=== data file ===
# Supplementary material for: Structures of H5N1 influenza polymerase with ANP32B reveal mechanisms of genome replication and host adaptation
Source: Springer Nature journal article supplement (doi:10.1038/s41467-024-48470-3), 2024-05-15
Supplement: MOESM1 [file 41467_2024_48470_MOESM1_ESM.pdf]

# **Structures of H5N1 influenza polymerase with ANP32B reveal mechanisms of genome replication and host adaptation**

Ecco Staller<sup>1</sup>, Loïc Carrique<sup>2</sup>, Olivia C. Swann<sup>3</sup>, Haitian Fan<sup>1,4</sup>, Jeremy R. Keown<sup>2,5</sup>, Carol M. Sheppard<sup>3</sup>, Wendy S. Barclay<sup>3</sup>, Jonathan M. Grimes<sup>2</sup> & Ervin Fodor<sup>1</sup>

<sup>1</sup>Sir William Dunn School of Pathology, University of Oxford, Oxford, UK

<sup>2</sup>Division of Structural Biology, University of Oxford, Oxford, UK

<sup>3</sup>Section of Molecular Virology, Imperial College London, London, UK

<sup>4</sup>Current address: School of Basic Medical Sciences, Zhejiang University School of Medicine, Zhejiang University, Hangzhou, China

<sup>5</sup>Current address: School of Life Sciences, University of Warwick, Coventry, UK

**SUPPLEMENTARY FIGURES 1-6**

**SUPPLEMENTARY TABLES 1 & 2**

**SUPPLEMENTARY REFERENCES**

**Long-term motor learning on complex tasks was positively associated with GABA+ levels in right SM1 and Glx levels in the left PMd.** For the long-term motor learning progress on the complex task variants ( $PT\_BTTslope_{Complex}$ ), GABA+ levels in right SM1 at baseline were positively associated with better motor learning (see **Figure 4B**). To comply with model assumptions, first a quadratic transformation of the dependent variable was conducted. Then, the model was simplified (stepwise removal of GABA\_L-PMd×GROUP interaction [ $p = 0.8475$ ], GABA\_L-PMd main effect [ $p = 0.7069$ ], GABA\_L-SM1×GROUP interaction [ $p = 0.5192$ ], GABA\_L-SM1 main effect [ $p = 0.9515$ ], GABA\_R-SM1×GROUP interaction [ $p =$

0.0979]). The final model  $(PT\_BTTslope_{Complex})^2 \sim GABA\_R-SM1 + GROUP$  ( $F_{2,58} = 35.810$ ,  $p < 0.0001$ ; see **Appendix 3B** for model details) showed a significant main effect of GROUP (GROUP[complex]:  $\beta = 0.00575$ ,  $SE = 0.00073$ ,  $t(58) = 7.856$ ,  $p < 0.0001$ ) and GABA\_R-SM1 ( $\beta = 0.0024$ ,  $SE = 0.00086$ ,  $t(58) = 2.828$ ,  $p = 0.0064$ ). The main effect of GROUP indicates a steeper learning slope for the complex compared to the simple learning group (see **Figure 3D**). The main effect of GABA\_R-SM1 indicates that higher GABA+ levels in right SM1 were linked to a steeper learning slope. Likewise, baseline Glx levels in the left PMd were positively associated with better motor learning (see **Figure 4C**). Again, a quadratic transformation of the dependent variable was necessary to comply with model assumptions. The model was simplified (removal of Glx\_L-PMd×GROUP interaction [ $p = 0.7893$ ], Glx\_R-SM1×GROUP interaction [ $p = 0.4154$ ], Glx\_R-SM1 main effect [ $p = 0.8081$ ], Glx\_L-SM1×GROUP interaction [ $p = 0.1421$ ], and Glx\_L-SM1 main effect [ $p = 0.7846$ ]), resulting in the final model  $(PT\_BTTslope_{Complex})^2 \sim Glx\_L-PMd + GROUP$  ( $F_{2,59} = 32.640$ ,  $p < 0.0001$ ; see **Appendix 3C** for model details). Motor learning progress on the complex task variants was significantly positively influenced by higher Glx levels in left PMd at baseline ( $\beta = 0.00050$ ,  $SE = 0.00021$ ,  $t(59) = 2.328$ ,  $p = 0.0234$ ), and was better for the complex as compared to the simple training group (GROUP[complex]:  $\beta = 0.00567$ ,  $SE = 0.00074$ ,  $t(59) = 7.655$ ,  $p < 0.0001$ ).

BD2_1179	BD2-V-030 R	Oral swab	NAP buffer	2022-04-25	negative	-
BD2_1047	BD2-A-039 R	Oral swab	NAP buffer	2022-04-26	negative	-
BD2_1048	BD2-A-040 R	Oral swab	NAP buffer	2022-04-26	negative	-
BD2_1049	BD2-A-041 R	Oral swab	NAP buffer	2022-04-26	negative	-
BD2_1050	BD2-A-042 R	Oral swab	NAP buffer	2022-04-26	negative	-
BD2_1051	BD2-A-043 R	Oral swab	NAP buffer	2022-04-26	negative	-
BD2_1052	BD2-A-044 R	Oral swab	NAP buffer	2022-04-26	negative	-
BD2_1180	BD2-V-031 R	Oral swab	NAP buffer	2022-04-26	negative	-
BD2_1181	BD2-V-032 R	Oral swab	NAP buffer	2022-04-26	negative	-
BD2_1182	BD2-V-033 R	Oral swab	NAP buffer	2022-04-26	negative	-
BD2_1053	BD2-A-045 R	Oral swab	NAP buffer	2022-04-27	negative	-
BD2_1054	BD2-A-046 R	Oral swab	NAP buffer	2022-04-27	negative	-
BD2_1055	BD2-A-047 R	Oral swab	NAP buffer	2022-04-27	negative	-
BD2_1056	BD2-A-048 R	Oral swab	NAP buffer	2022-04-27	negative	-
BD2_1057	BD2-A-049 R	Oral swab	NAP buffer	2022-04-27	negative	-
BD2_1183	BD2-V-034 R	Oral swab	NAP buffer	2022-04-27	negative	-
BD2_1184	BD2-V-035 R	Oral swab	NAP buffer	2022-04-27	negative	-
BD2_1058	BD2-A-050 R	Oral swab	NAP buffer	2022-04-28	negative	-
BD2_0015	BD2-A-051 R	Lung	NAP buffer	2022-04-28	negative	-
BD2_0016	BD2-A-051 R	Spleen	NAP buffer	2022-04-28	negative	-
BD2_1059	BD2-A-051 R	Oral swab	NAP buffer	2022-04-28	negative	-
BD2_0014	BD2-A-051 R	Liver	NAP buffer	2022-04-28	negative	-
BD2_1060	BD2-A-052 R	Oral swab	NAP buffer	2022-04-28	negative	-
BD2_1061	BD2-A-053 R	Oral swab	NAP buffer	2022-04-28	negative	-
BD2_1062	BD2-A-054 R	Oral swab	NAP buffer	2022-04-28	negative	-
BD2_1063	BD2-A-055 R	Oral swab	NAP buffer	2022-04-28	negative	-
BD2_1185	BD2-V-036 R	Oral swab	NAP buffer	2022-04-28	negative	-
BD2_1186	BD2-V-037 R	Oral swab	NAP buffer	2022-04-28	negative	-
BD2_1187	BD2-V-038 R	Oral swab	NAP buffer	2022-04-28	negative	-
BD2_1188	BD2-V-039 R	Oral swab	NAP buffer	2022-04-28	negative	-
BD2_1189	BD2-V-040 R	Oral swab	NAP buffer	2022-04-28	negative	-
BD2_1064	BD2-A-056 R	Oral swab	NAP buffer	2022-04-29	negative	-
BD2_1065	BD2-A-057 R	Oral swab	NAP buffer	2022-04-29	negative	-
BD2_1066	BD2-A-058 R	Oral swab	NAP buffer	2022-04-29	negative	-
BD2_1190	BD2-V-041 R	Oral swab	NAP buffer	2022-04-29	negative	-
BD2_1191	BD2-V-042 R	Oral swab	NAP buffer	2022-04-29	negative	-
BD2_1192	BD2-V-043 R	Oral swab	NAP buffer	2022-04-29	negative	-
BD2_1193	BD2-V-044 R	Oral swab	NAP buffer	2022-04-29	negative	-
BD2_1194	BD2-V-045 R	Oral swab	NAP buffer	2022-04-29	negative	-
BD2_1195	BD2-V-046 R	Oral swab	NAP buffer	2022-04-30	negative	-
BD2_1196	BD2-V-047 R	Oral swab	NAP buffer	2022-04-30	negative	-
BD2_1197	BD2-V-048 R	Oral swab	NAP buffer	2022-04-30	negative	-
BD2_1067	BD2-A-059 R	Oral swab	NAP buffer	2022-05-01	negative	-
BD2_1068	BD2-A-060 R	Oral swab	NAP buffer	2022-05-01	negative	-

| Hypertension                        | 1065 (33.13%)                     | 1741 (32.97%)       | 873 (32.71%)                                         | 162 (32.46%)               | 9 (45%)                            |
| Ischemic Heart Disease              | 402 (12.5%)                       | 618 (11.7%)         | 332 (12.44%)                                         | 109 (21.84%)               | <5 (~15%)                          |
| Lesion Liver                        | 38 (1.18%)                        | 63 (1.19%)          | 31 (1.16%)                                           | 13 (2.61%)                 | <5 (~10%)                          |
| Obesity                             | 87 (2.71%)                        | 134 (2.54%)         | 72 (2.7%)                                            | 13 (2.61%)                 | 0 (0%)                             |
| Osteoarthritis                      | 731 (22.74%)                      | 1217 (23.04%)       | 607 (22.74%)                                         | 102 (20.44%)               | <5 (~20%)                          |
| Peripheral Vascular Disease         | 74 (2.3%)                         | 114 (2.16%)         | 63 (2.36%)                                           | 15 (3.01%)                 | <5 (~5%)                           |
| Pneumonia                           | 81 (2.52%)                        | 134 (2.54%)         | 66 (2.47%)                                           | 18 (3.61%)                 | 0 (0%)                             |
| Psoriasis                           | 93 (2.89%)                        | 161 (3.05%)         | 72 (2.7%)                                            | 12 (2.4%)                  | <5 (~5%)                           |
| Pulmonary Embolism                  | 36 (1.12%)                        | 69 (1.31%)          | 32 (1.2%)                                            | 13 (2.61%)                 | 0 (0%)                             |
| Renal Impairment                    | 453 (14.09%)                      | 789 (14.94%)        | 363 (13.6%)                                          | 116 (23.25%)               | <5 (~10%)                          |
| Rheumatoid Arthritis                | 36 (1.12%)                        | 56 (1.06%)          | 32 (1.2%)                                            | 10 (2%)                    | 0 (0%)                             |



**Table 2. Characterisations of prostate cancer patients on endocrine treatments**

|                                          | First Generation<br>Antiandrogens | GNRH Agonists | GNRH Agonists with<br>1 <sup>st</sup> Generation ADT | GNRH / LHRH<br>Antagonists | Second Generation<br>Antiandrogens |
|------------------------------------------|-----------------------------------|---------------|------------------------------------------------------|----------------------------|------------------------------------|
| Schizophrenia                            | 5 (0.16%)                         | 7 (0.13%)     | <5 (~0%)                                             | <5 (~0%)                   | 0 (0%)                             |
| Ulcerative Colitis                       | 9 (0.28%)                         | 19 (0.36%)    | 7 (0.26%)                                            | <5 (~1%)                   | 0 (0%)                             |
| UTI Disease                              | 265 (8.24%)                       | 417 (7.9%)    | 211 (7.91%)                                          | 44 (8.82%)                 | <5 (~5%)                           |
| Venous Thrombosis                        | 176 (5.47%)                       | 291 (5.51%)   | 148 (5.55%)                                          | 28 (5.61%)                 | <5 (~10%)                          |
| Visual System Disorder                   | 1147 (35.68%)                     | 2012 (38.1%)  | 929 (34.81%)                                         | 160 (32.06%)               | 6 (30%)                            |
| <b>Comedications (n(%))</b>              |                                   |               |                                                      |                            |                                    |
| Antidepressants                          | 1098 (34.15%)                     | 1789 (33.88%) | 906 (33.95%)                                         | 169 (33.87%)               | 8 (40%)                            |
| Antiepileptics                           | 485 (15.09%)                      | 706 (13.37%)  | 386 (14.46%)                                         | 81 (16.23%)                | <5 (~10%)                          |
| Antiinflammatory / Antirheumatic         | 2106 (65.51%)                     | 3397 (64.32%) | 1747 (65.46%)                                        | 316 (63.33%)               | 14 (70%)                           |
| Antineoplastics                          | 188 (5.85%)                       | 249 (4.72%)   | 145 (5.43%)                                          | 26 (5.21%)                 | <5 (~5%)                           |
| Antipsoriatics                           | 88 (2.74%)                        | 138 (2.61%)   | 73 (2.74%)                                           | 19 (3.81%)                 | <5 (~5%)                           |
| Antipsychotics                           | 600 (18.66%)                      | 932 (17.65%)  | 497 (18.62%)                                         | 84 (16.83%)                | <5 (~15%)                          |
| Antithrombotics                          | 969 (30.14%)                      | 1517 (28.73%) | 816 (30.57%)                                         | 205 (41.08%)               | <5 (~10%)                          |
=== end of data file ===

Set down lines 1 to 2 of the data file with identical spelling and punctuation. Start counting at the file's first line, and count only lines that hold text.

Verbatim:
# Supplementary material for: Structures of H5N1 influenza polymerase with ANP32B reveal mechanisms of genome replication and host adaptation
Source: Springer Nature journal article supplement (doi:10.1038/s41467-024-48470-3), 2024-05-15